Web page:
One of the most popular and widely abused ingredients in the United States is the sugar that is added to food. I’m not talking about natural forming sugar, like that found in strawberries, but rather sugar that is added to our foods and beverages. It’s no surprise that establishing a healthy limit in the 2020-2025 Dietary Guidelines for American’s would be debated. Should we stick with the previous 2015-2020 limit of 10% or further reduce our sugar intake to 6% of the total recommended calories?
The very low sugar limit is nothing new, having been previously recommended by the American Heart Association in 2009. They established the following sugar limits:
- Men should consume no more than 9 teaspoons (36 grams or 150 calories) of sugar per day.
- For women, the number is lower: 6 teaspoons (25 grams or 100 calories) per day. Consider that one 12-ounce can of soda contains 8 teaspoons (32 grams) of added sugar!
Earlier in the year, the Dietary Guidelines Advisory Committee, a 20-person, scientific, expert committee actually recommended that the guidelines be reduced to 6% due to rising rates of obesity, type 2 diabetes, cardiovascular disease and cancers in the U.S. They contended that we often consume too many calories when we we exceed the 6% added sugar limit. However, the federal government declined to accept these recommendations saying “there was not a preponderance of evidence in the material the committee reviewed to support specific changes, as required by law”.
The final recommendation issued in the 2020-2025 DGA is that
“Added sugars should be limited to less than 10% of calories per day starting at age 2. Avoid foods and beverages with added sugars for those younger than age 2.”
The 10% of calories, added sugar limit is certainly more consistent with their “Start Simple” messaging of incorporating modest changes each day that push us closer to meeting the goal. While federally funded programing would have had to comply with the 6% goal, the average American was highly unlikely to have willingly follow suit as their their current intake is more than double that, averaging 13% of total calories.
Comparing Sugar Limits
|Added Sugar||% of Total Calories||Teaspoons/Day||Grams Sugar/Day|
|2020-2025 Dietary Guidelines||10%||12.5||53|
|Considered but Discarded||6%||7.5||32|
The Top Sources of Sugar
Liquid sugar tops the charts contributing 35% of added sugars in the form of soda, energy drinks, fruit drinks and gourmet coffees and sweet teas. This chart published in the DGA breaks down the top sources of sugar, including a deeper dive into the top two offenders, beverages and desserts.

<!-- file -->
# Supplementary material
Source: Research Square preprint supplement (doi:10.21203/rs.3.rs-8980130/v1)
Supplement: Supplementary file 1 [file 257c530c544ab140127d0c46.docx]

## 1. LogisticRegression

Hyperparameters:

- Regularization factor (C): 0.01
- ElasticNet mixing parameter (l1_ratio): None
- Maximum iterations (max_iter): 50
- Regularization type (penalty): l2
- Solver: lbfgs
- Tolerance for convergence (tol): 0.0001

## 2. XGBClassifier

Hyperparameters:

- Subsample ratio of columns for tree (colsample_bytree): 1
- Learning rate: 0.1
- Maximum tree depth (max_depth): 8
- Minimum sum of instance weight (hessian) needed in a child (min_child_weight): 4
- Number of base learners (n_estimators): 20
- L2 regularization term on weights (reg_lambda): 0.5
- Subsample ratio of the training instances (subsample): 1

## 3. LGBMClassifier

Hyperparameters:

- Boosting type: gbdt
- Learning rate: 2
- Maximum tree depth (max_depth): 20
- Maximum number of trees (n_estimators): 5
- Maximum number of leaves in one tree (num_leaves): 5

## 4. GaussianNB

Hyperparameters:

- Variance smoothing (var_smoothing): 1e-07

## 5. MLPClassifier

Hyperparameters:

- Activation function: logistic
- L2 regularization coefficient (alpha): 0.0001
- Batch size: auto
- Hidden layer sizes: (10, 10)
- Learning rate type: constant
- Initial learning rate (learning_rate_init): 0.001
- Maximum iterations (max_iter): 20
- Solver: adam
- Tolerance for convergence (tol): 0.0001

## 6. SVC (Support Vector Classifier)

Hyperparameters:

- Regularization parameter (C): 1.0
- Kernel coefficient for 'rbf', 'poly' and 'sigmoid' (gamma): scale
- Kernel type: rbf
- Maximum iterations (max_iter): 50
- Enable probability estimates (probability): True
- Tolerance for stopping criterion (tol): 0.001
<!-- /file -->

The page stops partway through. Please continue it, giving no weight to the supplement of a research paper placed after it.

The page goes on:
While most people are aware of the added sugar found in cakes, cookies, pies, candy, ice cream, sodas and sweet teas, it’s also added to many processed foods like spaghetti sauce, ketchup, BBQ sauce, peanut butter, cereal and breakfast bars, yogurt, salads dressings and cured meats. Here’s a current run down on how easily one can rack up their sugar intake over the course of the day.
|Item||Grams of Sugar|
(Limit is 53 grams/day)
|Teaspoons of Sugar|
|Water, Plain Coffee or Unsweetened Tea (8 oz)||0||0|
|Sports Drink (12 oz)||20||5|
|Sweet Tea (12 oz)||29||7|
|Soda (12 oz)||39||9|
|Vanilla Ice Cream (1/2 cup)||14||3.5|
|Chocolate Chip Cookie (1)||15||3.5|
|Apple Pie (1/8)||18||4.25|
|Spaghetti Sauce (1/4 cup)||6||1.4|
|Ketchup (1 Tbsp)||4||1|
|BBQ Sauce (2 Tbsp)||17||4|
|Peanut Butter (2 Tbsp)||3||.75|
|Ranch Dressing (2 Tbsp)||2||.5|
|Fruited Sweetened Yogurt (6 oz)||13||3|
|Breakfast Bar (each)||8||2|
In March 2020, the Nutrition Facts Label was refreshed to help us better track the added grams of added sugar contained in our foods and beverages. Understanding the potential negative impact on sales, manufacturers have been quick to respond with lower sugar versions including a flood of new low and no calorie beverages, reduced sugar condiments, cereals and breakfast bars. Have you been using the new food label to track your added sugar? Are you closer the American average of 13% or trending down towards 10% or possibly even 6%? Starting simple is a smart approach. Read the food label and compare sugar contents, choose your liquid beverages wisely and begin switching up a few desserts or snacks with nuts, whole fruit and crispy, fresh vegetables.
The U.S. Department of Health and Human Services (HHS) and the U.S Department of Agriculture (USDA) jointly publish the Dietary Guidelines for Americans every 5 years based upon the current body of science.
Categories: Nutrition & Wellness